The role of artificial intelligence in eye care
We are no strangers to artificial intelligence in 2021. With technology like face recognition, personal voice assistants, and perfectly curated digital ads, artificial intelligence (AI) is part of our daily lives. But did you know that AI has also made its way into healthcare, including eye care?
What is artificial intelligence?
Artificial intelligence is a category of computer technology that is meant to mimic the intelligence or behavioural pattern of humans. It is a very complex system, made up of two subsets of systems. Firstly, machine learning is a technique that describes how computers can learn from data without a complex set of rules. Secondly, deep learning is a way to perform machine learning that is inspired by our brain’s own network of neurons.
How is artificial intelligence being used in eye care?
AI has already been in use in healthcare, specifically for the analysis of medical imaging. For example, AI helps detect tuberculosis from chest x-rays, and certain skin and lung cancers.
Ophthalmologists already use very sophisticated technology to examine, diagnose, and treat various eye conditions but AI offers an exciting advance to the field. Deep learning has been applied to fundus photographs (photos of the back of the eye, including the retina), optical coherence tomography and visual fields in order to detect diabetic retinopathy, age-related macular degeneration (AMD), and glaucoma, all of which are the major global causes of blindness.
There are several examples of AI being used in eye care, such as:
- DeepMind, a British AI company acquired by Google, is working with Moorfields Eye Hospital in London to predict the development of exudative AMD, a serious form of the disease.
- An AI algorithm developed by researchers at New York Eye and Ear Infirmary of Mount Sinai to rapidly and accurately detect AMD. It also offers an inexpensive solution to telemedicine, where cameras could be set up in kiosks to examine patients’ eyes. The advantage is that eye exams do not need to be delayed and screenings for the serious condition can continue, contributing to saved vision for many.
- In 2018, the first autonomous diagnosis system was approved for detecting diabetic retinopathy in the United States. Created by retinal specialist Michael Abràmoff, the AI program, IDx-DR, was able to identify more-than-mild diabetic retinopathy about 87% of the time and correctly identified people without the condition about 90% of the time.
Overall, AI’s strength in the field of eye care is its ability to analyze images. Eye exams usually include taking high-quality images and maps of the eye’s different parts. If an AI algorithm is taught to recognize disease in these types of images, it can improve the speed and accuracy of large-scale screening programs. It can also improve access to such exams by potentially allowing for remote imaging.
In a study published in the British Journal of Ophthalmology, 30,000 patient scans (120,000 images) in the English Diabetic Eye Screening Programme (DESP) were used to look for signs of damage from diabetic retinopathy. The technology was extremely accurate at detecting damage that required a referral to a specialist (95.7%) and detecting moderate to severe retinopathy that could lead to vision loss (100%).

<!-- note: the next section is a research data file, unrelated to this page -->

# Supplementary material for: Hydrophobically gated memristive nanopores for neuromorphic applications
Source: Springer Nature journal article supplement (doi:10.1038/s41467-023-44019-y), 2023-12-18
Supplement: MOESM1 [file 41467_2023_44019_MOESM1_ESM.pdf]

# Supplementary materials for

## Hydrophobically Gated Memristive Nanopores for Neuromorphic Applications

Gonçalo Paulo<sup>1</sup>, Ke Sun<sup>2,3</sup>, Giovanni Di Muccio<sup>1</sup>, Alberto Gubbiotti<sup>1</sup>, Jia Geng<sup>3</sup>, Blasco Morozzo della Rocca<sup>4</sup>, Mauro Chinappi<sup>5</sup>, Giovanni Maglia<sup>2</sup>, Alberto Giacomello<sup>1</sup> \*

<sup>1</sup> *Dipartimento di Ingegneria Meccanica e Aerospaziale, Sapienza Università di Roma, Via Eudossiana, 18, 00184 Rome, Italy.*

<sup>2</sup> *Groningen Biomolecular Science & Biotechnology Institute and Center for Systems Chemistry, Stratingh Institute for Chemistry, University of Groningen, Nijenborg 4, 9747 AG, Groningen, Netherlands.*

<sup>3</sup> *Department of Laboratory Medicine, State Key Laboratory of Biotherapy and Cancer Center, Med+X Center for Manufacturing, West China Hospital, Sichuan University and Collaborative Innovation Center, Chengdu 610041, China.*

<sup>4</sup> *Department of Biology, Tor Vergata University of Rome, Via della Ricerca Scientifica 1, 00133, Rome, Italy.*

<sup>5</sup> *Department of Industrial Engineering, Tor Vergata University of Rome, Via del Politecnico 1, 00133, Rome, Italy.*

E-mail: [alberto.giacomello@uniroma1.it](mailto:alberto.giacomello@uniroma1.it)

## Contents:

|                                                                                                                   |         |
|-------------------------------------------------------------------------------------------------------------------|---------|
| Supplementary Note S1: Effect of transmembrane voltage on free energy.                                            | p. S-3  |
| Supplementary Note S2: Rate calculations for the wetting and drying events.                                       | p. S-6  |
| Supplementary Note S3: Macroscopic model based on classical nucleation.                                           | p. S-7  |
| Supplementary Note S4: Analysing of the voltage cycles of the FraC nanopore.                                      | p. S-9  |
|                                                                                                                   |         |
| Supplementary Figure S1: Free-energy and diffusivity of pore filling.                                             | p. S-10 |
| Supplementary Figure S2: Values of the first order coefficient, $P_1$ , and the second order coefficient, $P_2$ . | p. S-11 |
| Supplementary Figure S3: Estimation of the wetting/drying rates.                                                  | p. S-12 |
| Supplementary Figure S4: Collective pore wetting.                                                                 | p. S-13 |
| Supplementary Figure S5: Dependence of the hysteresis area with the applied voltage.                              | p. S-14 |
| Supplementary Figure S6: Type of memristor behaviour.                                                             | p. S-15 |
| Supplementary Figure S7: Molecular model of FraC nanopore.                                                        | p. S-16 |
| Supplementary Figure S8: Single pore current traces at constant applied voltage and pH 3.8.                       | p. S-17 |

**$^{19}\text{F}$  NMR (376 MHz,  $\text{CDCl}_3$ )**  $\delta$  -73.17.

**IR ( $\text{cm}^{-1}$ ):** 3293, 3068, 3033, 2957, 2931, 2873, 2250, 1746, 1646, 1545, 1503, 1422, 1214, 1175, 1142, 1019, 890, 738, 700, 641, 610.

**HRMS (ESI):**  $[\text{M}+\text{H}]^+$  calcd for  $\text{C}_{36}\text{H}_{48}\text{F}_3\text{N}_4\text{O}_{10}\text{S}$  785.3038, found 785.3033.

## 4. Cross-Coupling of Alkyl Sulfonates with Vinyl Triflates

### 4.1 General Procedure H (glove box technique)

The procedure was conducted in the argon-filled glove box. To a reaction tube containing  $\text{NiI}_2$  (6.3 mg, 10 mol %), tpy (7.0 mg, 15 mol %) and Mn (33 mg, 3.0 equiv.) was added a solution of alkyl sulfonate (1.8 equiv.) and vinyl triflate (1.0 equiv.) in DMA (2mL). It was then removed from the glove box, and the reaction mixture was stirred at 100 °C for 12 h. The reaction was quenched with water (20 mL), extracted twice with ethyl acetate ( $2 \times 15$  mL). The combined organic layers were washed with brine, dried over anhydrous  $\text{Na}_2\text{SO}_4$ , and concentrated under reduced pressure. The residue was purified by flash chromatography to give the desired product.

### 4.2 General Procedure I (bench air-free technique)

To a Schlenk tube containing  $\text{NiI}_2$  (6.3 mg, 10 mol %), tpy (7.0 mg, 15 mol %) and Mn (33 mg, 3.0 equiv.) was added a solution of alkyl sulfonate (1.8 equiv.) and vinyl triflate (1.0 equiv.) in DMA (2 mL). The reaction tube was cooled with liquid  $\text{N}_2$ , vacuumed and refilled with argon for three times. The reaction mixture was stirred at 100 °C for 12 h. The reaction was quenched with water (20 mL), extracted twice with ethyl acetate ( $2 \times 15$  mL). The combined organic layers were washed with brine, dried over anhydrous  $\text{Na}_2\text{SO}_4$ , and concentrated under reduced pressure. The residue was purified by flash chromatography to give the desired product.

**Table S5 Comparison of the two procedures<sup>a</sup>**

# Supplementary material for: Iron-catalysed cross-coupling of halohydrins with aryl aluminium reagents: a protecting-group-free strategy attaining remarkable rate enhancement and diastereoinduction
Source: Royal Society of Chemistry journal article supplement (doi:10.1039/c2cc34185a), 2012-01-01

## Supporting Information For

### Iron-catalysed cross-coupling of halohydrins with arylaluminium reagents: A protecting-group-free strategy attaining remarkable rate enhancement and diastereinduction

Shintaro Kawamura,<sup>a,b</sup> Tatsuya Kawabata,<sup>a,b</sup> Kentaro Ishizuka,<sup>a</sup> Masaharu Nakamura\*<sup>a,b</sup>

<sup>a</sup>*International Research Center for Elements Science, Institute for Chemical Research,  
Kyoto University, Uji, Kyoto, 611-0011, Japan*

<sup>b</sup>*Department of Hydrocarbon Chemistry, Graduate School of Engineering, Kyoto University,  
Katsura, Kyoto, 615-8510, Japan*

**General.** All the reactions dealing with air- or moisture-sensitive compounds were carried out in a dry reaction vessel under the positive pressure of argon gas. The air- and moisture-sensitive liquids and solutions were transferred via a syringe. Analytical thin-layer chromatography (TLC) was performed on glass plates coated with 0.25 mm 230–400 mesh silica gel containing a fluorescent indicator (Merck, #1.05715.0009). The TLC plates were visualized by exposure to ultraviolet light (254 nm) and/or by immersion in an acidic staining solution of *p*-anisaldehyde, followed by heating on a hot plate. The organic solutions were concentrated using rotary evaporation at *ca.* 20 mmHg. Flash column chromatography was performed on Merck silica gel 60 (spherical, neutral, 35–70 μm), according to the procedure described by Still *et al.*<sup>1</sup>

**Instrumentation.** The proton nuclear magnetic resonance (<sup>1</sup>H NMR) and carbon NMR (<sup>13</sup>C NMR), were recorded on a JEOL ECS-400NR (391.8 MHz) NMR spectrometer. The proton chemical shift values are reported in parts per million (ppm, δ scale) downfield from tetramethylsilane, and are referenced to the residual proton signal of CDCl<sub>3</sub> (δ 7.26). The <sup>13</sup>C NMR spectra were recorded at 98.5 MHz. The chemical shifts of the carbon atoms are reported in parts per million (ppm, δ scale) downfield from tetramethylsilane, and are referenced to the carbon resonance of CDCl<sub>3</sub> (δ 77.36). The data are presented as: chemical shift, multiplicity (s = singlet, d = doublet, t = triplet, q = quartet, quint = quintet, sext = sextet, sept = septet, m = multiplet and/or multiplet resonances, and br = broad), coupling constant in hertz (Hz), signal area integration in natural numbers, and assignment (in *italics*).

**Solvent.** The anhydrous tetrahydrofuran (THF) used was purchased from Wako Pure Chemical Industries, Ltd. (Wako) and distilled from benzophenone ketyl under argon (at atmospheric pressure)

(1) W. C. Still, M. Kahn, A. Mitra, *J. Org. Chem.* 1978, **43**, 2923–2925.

This is extremely helpful, given that by the year 2040, an estimated 600 million people will have diabetes, with a third of those having diabetic retinopathy. Since only about half of diabetics have their eyes examined yearly as suggested, technology like this could help cut down wait times, predict prognosis, and reduce unnecessary vision loss or blindness.
Challenges of artificial intelligence
Artificial intelligence does have certain limitations. It learns from what it is given, so it needs large enough data sets (e.g. images) to understand the complexity of a given situation (e.g. what a particular eye disease looks like). Without enough data to learn from, AI could miss something.
The other major challenge of artificial intelligence, especially in healthcare settings, is that it must gain the trust of both patients and physicians. A term often reference with AI is the “black box problem”; this describes how we don’t really know how or why an algorithm makes its decision, we can only observe the inputs and outputs but not the internal workings.
Will AI replace my eye doctor?
No, but it can help them. AI only looks for what you tell it to look for, so using it during routine eye exams, for example, would still be a collaborative process with your ophthalmologist. However, it could save significant screening time and allow doctors to spend more time giving personalized care. Rapid diagnosis with AI also means that you can treat more people. Lastly, AI opens up the possibility for remote diagnosis in certain circumstances, which can help in cases where wait times are long, or a patient is unable to physically get to a doctor’s office.
The field of artificial intelligence in eye care is very exciting. We already know about the amazing technological advancements that allow us to do laser vision correction procedures, which has been around for more than 30 years and allowed surgeons to perform more than 40 million LASIK surgeries. In fact, LASIK MD surgeons alone have performed over 1 million of those, a track record we’re proud of.
If you’re interested in learning more about the procedures we offer, book your free, no-obligation consultation today!